Last, and above all, Paris rejected the bombardment of the port of Bar, via which a large proportion of the fuel bound for the Serbian Army passed. "The Americans and British were shocked," a senior official in Paris said. "Not only did we refuse to touch that port, but for a long time we opposed any oil embargo on Serbia."

At the Washington summit at the end of April the French came under pressure. In order to dry up the flow of fuel they at last proposed strikes on the eight bridges that link Serbia to Montenegro. "But, strangely, one French general explained, "this 'caging' strategy was not fully implemented by Clark."

Then came the "battle of Belgrade." "Clark wanted to hit a maximum number of symbolic [???] targets in the Serbian capital," A NATO official explained. "And Paris did it utmost to prevent it." As we know, the Elysee would not agree to the destruction of the city's bridges. The Americans submitted their first request to hit the Serbian television building on 5 April. French chief of staff general Kelche immediately conveyed his reservations to Jacques Chirac and Lionel Jospin -- particularly on account of the presence of an Orthodox church at the foot of the tower. Paris did not yield until three weeks later. There were a dozen casualties.

"The French resisted for several weeks over the Milosevic mission, too, then they said 'yes,'" a NATO general said. "Phase three was TOTAL war," a French military official explained. "Without, or almost WITHOUT, ANY LIMITATION ON COLLATERAL DAMAGE..." Generals in Brussels claim that France's reservations prolonged the Kosovars' suffering by several weeks. Who knows? [So the author of the article says that Albanians sitting in refugee tents, safe in Macedonia and Albania were suffering - and it is pitty that NATO did not went to "Phase three" - THE UNLIMITED SLAUGHTER OF THE SERBS!!!? And it was a humanitarian war!? The Serbs are not human? Not part of Homo Sapiens species!? Nazism never changes.]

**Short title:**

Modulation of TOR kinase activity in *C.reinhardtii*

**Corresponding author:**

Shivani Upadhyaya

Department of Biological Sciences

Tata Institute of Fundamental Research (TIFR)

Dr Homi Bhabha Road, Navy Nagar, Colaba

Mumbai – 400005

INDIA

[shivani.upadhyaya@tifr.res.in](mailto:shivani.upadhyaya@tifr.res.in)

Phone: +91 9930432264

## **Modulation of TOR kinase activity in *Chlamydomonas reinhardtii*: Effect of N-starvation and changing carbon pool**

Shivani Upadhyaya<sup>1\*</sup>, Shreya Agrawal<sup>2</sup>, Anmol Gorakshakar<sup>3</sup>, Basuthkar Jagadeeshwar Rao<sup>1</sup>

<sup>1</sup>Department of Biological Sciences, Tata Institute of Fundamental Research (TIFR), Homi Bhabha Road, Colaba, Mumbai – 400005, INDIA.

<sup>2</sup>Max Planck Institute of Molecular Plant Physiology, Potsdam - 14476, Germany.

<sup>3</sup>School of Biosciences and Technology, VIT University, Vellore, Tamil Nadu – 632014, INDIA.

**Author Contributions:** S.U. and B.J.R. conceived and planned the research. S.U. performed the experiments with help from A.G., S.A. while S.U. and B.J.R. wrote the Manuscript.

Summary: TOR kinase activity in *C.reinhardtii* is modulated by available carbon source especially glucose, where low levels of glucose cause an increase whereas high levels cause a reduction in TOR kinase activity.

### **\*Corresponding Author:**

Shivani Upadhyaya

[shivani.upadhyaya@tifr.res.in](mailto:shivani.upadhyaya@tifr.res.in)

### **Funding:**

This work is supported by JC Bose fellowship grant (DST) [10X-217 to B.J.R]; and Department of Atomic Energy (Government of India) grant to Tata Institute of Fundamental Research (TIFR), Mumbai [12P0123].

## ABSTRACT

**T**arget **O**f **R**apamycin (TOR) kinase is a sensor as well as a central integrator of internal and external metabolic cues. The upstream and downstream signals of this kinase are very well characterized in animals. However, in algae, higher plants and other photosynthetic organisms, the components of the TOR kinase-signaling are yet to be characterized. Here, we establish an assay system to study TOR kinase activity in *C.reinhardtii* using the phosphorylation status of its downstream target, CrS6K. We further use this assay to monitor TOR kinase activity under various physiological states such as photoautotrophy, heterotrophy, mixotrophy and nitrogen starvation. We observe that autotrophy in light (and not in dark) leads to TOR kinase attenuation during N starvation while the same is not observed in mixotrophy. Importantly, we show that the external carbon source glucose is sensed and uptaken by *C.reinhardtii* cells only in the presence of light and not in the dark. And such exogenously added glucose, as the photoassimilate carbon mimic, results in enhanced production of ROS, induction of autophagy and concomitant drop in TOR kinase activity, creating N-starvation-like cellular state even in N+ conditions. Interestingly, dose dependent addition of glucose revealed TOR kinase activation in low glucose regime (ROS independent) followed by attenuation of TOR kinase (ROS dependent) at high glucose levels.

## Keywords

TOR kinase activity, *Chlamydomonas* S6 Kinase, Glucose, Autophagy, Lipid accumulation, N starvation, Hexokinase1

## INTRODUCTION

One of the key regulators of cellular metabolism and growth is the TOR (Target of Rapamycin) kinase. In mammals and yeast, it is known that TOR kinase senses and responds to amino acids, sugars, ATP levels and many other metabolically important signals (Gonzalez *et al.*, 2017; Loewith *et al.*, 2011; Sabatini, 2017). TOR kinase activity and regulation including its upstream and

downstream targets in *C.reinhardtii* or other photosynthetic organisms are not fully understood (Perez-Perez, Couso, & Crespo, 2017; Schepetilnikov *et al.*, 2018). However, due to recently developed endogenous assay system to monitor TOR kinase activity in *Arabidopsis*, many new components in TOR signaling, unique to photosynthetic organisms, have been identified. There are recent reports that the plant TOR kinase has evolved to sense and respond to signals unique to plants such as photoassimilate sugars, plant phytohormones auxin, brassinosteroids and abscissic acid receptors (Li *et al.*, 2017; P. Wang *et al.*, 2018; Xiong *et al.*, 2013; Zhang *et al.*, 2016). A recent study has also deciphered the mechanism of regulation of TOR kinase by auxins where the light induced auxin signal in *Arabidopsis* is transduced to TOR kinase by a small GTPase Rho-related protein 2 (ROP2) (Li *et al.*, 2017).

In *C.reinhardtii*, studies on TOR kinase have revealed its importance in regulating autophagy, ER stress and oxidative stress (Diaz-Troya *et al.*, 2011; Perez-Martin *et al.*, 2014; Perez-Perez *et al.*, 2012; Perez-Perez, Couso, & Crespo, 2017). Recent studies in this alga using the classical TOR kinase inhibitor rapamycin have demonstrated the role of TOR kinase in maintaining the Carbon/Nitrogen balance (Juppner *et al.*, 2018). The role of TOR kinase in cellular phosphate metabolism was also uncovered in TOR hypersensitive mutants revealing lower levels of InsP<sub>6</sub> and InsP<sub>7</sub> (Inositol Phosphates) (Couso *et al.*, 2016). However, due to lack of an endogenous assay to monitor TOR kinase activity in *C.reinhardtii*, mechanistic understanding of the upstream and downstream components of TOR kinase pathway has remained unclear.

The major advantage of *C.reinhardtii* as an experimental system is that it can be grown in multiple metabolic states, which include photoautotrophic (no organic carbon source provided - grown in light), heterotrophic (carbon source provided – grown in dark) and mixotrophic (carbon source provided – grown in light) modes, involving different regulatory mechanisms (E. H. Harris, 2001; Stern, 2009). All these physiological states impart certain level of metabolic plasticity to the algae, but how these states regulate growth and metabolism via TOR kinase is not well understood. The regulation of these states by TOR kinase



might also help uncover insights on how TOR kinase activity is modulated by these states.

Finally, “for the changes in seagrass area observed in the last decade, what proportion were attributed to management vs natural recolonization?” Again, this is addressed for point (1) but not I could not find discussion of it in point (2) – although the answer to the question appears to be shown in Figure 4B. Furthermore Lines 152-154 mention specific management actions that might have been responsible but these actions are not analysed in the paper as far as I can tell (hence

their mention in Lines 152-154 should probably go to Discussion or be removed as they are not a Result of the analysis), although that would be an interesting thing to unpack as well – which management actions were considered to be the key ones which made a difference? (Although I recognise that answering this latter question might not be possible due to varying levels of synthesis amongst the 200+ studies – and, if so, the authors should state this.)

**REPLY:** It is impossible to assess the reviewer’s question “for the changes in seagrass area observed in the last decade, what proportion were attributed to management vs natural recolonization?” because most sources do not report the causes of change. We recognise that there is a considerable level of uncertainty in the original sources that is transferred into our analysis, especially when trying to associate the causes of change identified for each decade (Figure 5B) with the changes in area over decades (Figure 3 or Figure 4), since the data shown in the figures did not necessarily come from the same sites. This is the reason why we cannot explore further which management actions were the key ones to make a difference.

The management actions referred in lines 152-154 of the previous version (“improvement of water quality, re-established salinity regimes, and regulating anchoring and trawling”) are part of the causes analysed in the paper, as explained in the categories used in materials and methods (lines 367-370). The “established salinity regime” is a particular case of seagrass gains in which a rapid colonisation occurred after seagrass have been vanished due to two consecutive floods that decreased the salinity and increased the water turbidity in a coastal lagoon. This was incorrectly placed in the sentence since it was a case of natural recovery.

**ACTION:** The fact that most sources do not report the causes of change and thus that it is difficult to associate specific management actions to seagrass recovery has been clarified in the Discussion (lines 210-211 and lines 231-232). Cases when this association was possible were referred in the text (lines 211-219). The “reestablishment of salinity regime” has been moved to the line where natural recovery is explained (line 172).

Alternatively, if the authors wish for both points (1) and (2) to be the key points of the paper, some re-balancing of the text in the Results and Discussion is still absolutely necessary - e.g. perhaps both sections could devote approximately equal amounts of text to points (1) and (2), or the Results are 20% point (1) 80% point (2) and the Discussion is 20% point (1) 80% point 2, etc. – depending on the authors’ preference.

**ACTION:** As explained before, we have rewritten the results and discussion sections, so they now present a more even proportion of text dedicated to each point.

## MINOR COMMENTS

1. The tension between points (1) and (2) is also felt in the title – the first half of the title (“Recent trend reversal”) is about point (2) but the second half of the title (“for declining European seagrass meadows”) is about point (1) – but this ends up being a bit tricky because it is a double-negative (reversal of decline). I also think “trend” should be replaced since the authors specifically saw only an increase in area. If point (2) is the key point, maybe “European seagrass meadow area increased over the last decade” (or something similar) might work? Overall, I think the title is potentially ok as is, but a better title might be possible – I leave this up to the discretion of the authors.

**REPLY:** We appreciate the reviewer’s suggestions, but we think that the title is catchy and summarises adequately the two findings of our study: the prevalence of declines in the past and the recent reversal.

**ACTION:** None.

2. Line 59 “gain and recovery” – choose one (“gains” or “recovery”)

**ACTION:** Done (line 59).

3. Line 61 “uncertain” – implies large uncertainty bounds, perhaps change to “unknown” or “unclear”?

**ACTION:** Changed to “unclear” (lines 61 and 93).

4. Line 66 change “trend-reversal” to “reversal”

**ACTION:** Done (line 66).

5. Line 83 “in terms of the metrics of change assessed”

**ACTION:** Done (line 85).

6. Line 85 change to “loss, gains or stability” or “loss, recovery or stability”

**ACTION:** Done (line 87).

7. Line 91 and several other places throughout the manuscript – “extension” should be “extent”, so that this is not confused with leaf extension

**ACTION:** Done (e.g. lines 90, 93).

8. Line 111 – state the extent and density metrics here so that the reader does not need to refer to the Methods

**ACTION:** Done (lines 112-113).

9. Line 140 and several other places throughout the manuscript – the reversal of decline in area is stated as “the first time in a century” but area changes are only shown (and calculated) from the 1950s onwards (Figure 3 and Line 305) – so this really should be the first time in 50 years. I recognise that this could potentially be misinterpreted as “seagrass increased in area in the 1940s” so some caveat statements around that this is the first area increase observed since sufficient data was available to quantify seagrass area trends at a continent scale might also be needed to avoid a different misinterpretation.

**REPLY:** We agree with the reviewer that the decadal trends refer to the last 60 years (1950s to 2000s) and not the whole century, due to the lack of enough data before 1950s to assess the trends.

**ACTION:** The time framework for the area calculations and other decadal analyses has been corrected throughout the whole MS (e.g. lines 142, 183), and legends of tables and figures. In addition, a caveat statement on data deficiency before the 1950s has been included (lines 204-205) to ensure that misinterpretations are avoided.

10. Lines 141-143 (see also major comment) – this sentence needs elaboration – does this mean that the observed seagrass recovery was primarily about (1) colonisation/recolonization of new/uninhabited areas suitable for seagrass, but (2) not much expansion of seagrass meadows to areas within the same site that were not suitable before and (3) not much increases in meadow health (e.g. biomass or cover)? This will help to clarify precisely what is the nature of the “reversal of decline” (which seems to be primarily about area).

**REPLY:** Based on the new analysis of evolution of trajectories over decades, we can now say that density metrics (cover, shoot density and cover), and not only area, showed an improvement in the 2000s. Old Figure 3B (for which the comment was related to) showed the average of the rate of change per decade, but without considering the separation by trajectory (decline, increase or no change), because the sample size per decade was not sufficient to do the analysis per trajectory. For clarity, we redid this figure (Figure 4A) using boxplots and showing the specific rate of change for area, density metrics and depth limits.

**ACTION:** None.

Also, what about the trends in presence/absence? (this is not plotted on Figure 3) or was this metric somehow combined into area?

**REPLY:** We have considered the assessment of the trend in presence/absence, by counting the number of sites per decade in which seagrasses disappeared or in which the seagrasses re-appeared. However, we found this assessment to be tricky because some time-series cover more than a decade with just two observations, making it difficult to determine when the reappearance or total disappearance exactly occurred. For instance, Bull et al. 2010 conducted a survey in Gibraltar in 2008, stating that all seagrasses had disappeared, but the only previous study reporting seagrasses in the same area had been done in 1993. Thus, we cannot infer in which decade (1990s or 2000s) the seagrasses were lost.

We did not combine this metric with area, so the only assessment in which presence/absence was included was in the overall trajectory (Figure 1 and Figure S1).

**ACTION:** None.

Public Opinion Needs To Be Worked on Too

Throughout the conflict political leaders feared losing the support of their public. Over the weeks NATO refined its communication strategy, which was very fragile to start with. "During the first few days we were unable to secure precise information from the military. WE HAD TO FABRICATE. It was terrible," a NATO official said. Then the machinery went into action. Each of the alliance countries received a confidential bulletin from Brussels with a view to coordinating national propaganda topics. "We had a fairly effective tactic for dealing with [so called] errors," a NATO general explained. "Most frequently we knew the precise causes and consequences of such actions. But in order to calm the public we would say that we were conducting an inquiry, that there were many hypotheses. We would only reveal the truth a fortnight later, once it no longer interested anyone. Public opinion needs to be worked on, too."

Milosevic's Stroke

Four rumors (at least) worried Western leaders to varying degrees. "First there was the announcement of the death of certain Kosovar leaders. This was simply a mistake on the part of Britain's MI6 and Germany's BND," a French secret service official explained. Next several intelligence agencies made it known to political decisionmakers that according to some of their sources Milosevic was seriously ill. He had supposedly suffered a stroke and would soon be going to China for treatment. Intelligence specialists examined the few video recordings showing the Serbian despot [sic]. They thought they could see a certain degree of stiffness in his right arm, which might have lent credit to the rumor. The rumor -- perhaps true -- is still circulating.